Here’s how to order and cook a super-flavorful Emmer & Co. bird.
“If you look at their list, they sell to some of the best restaurants in the country,” Los Angeles chef Curtis Stone says. “That’s great if you can afford to go to those restaurants.”
What’s also great, Stone adds, is that you can now cook these chickens, raised on a ranch in Red Bluff, California, at home. Stone recently started selling them at his Gwen butcher shop in Hollywood, and they’re also available for home delivery nationwide directly from Emmer & Co., as well as via AmazonFresh.
At about $9 a pound, you’re paying much more than what you would for factory-farmed chicken or even options in the organic section of your specialty grocery store. But if you talk to a chef who’s cooked these birds, you’ll quickly understand that you’re buying a completely different kind of chicken.
“It’s incredible,” says chef Vartan Abgaryan, who’s in the process of adding an Emmer & Co. chicken dish to his menu at L.A.’s 71Above. “It’s unlike any other chicken I’ve ever eaten. It feels so different, looking at the bird. It almost looks like an overgrown pheasant. The breast is so lean and long; the dark meat is really dark and rich in flavor and almost gamey. The skin is pretty thick, but beyond flavorful.”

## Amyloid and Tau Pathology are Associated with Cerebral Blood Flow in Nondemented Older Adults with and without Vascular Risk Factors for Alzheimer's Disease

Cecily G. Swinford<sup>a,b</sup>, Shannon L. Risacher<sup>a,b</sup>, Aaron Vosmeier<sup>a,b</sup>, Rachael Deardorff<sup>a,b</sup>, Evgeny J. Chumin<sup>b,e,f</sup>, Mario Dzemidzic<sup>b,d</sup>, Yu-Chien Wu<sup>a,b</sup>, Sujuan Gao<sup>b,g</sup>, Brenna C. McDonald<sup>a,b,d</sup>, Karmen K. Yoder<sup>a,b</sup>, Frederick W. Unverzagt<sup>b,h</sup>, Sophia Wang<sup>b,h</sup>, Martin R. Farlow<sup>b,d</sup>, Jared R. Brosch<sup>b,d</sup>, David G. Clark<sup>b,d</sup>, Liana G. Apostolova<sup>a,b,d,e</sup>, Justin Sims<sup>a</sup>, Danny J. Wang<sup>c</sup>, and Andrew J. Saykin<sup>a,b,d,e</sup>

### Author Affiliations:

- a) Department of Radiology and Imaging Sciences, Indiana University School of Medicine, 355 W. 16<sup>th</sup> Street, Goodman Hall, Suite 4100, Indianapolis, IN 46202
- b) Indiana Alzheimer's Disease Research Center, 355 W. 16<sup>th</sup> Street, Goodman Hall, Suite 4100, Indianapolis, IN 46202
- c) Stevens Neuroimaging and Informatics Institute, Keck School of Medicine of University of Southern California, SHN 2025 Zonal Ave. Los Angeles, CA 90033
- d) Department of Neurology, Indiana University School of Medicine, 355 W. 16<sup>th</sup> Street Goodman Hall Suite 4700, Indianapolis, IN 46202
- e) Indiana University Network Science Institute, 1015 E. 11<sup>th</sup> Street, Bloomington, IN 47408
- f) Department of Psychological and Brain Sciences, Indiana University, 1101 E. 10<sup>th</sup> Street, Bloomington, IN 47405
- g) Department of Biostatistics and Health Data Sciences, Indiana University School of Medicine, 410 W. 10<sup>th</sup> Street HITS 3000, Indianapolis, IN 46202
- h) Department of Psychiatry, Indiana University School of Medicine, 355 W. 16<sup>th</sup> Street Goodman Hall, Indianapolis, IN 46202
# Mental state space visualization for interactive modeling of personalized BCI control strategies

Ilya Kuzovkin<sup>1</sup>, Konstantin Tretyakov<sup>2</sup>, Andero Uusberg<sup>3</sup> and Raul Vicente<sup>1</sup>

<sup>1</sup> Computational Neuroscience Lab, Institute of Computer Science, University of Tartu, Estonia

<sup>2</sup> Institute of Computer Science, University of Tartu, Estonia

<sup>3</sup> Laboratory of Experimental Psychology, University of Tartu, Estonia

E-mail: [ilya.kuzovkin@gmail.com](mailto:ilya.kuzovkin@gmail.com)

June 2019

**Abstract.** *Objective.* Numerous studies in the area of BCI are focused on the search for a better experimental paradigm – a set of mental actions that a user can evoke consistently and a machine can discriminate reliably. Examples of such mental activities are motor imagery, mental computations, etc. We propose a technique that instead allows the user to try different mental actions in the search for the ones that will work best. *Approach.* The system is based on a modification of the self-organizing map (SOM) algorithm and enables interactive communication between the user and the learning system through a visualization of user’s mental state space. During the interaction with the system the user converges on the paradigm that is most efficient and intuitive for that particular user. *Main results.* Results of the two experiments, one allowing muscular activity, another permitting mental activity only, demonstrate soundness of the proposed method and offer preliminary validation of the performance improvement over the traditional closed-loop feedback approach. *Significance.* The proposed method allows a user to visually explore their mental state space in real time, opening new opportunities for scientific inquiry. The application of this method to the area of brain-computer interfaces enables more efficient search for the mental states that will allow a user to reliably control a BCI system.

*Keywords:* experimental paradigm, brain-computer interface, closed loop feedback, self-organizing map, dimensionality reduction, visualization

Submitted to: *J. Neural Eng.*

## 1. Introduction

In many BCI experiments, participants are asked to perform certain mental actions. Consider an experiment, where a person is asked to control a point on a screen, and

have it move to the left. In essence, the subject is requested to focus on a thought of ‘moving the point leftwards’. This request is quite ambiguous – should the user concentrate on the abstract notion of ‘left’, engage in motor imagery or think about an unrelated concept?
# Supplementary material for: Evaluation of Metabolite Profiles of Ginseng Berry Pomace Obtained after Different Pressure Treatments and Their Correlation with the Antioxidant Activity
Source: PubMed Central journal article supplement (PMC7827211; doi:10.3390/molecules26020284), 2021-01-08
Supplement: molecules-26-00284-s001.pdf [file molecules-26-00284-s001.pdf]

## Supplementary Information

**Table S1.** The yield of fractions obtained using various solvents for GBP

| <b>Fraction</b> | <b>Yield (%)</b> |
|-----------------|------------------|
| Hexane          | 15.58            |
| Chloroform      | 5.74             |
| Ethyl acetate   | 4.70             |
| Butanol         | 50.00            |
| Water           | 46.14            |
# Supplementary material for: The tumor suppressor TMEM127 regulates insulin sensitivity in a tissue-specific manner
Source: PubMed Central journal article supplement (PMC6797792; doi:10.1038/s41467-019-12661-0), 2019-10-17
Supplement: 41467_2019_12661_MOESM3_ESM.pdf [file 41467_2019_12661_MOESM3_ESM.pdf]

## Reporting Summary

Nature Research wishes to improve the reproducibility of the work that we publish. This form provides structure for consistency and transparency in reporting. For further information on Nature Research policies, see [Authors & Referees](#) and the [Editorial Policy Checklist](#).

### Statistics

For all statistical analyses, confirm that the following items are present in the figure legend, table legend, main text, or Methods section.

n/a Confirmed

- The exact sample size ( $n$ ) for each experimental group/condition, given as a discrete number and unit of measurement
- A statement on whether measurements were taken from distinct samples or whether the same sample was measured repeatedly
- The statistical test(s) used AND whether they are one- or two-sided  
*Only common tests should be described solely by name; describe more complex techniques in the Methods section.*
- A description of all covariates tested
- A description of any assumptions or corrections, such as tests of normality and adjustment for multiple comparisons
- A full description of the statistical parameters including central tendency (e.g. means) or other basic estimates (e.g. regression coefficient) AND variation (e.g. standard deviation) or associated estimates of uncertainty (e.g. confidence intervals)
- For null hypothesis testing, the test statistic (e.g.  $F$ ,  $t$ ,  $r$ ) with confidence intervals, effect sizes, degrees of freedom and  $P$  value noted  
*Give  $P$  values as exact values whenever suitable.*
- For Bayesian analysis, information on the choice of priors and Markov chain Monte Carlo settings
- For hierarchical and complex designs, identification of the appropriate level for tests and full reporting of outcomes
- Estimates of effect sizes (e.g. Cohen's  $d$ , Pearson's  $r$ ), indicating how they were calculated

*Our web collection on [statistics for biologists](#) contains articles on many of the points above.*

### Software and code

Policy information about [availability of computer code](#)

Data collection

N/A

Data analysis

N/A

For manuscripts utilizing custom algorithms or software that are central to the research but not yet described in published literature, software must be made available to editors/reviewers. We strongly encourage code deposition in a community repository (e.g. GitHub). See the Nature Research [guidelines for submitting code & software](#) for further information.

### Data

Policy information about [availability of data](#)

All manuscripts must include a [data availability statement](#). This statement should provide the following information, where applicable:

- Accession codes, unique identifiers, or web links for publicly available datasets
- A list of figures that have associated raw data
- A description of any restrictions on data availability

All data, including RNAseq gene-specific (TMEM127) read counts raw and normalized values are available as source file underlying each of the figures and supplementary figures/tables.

Abgaryan is thinking about serving a breast with stuffed with black truffles, butter and breadcrumbs. He might put dark meat inside a pastilla with some dried cherries and a black powdered sugar with truffles.
But we’re here to tell you that simply roasting the chicken with shiitake mushrooms, assorted greens, lemon and pancetta when you’re in a hurry works, too. This is the kind of chicken that benefits from a brine, no doubt, but it’s also a flavorful bird that doesn’t require a recipe.
Other chickens “have been bred to be ultra-tender, to be really large-breasted,” Stone says. “[Emmer & Co.] is the most natural way to get a chicken. This is going right back to the beginning. The breed hasn’t been commercially-bred.”
It takes about 112 days (roughly three times as long as conventional chickens) to raise one of these heritage birds, which are thinner and tougher but offer more highly-concentrated flavor.
“The best way for me to cook this chicken is to cook it really slow, like a coq au vin, to really maximize the flavor,” Stone says.
Stone also suggests brining it and then roasting it, using high heat to make the thick skin really crispy.
Stone realizes these chickens are expensive, perhaps the kind of birds that some customers might reserve for celebrations. But this is the exactly the kind of food he wants his butcher shop to sell.
“I think we don’t realize as a community how valuable our vote is,” he says. “We vote with our dollars. If you support small, independent, forward-thinking farmers, those guys get the opportunity to do more great stuff.”